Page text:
The mutual insurance industry dates to 17th century England with the establishment of the first mutual fire insurer in 1696.
In the United States, Benjamin Franklin helped establish the first successful mutual, founding the Philadelphia Contributionship for the Insurance of Houses from Loss by Fire in 1752, a NAMIC member company that remains in business today. For more than 250 years, mutual insurance companies have been – and still are – about people coming together to protect themselves in a common need.
While only 1 percent of businesses have lasted for 100 years, the median age of a mutual insurance company in the U.S. is 120 years. More than 60 percent of mutual companies are more than 100 years old.
Mutual companies range in size from local companies operating in a single county to large carriers doing business nationally and/or internationally.
Most mutuals sell a wide variety of insurance coverages, including policies for auto, home, farm, and business. Others focus on niche markets, such as churches, pharmacies, jewelers, or lumberyards; or offer single coverages, such as workers' compensation, professional liability, or automobile insurance.
Capital to pay claims or provide surplus for mutual companies is built up over decades of profitable operation and investments. Profits in a mutual are often retained, in whole or in part, to finance future growth, provide a cushion against future liabilities, adjust rates or premiums, and bolster industry ratings. Mutuals sometimes return profits to their members/policyholders in the form of dividends.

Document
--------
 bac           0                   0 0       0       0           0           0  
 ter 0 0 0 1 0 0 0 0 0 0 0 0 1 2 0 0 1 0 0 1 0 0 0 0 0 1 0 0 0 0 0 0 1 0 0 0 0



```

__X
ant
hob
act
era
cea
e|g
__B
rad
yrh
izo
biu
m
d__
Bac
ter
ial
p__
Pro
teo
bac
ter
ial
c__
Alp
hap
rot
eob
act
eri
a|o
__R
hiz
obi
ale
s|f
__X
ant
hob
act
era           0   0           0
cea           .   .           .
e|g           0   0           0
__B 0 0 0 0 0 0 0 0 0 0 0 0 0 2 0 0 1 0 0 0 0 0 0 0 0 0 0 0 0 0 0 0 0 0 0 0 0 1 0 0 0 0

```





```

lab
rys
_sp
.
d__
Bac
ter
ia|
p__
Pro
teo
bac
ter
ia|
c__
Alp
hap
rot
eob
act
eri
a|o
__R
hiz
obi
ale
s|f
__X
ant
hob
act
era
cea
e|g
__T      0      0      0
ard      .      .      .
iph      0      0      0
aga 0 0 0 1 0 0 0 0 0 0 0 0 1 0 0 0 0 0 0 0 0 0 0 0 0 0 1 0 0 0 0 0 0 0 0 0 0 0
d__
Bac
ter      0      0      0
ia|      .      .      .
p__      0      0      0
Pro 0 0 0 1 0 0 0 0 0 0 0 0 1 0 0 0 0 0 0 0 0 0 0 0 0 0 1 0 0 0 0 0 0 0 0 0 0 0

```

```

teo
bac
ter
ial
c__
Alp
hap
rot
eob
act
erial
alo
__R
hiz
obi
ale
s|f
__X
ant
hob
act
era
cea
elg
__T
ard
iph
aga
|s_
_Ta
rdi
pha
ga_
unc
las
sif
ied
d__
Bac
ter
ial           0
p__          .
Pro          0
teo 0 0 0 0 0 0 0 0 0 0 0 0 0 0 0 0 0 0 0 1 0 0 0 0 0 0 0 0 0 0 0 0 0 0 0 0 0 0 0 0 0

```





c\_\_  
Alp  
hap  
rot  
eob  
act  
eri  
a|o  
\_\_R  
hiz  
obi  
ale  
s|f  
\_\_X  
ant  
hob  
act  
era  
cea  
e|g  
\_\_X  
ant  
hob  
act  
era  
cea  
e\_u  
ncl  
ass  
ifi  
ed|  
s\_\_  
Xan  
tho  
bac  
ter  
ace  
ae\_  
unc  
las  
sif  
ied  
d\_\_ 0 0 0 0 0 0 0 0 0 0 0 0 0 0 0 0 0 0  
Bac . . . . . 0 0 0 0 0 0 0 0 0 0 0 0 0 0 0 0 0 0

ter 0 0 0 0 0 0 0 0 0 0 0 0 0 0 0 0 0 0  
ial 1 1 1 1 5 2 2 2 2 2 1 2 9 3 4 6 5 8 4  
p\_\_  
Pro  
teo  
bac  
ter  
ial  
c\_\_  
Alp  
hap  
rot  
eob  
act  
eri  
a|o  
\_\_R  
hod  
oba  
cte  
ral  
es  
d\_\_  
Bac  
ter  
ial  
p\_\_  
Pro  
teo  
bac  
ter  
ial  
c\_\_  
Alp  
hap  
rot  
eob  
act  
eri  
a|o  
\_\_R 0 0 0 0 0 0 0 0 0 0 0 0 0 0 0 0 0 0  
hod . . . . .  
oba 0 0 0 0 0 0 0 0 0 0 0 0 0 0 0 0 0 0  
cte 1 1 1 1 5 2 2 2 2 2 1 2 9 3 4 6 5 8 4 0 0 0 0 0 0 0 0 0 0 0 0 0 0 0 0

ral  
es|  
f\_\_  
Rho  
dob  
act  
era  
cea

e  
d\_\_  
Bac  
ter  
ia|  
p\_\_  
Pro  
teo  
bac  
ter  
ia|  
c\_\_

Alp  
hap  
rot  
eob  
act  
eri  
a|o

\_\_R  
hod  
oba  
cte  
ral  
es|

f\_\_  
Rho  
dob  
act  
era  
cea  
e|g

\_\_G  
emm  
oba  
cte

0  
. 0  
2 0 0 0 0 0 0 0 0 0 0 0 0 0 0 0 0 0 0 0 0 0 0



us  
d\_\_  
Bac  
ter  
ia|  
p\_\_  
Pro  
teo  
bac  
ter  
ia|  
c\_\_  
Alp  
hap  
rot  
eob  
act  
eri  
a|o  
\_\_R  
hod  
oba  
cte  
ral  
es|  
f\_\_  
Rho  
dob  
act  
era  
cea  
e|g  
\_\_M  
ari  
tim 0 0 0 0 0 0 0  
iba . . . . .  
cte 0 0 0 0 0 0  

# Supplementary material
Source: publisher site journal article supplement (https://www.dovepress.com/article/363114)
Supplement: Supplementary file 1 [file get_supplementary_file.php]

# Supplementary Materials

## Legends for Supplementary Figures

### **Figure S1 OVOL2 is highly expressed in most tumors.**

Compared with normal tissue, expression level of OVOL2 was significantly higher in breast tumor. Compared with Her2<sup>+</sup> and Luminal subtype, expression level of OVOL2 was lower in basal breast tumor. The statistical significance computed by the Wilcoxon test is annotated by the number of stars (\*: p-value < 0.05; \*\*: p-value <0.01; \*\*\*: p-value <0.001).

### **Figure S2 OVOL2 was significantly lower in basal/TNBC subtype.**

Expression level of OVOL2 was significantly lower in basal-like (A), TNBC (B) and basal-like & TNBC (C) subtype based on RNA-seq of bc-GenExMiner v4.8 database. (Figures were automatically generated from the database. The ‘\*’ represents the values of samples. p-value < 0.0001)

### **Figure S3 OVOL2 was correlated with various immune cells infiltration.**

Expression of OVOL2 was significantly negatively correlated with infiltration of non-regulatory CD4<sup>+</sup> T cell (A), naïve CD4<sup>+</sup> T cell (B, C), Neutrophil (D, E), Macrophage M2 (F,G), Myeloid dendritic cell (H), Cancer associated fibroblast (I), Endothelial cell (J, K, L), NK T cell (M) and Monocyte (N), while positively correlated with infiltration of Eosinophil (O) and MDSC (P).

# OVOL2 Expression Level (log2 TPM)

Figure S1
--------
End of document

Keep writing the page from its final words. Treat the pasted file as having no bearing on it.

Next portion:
Mutual insurance companies are part of Main Street, not Wall Street. Mutual insurers do not sell stock and do not list on stock exchanges. Yet some of the largest insurance companies in the U.S are mutual insurers.
Mutuals have one goal – to serve policyholders. There are no shareholders with competing interests. Mutuals do not focus on quarterly earnings reports because, unlike stock companies, there are no short-term financial performance pressures to earn a return on stockholder investment that apply to publicly traded companies.
Mutuals’ focus on policyholders allows them to make financial decisions and commitments based on long-term goals of financial strength and stability that support policyholder satisfaction and retention.
Mutual companies, boasting a median age of more than 100 years, have a proven track record of prudent fiscal management, enabling them to remain a stable force in the market and a reliable source of insurance for policyholders.
Mutual policyholders – sometimes referred to as members – have the same rights and protections as non-mutual policyholders under state regulation and access to guaranty funds in the event of insolvency.
Mutual members enjoy enhanced policyholder rights including the ability to vote for directors, approve major corporate transactions, receive policyholder dividends if declared, and ability to share in surplus (subject to state law).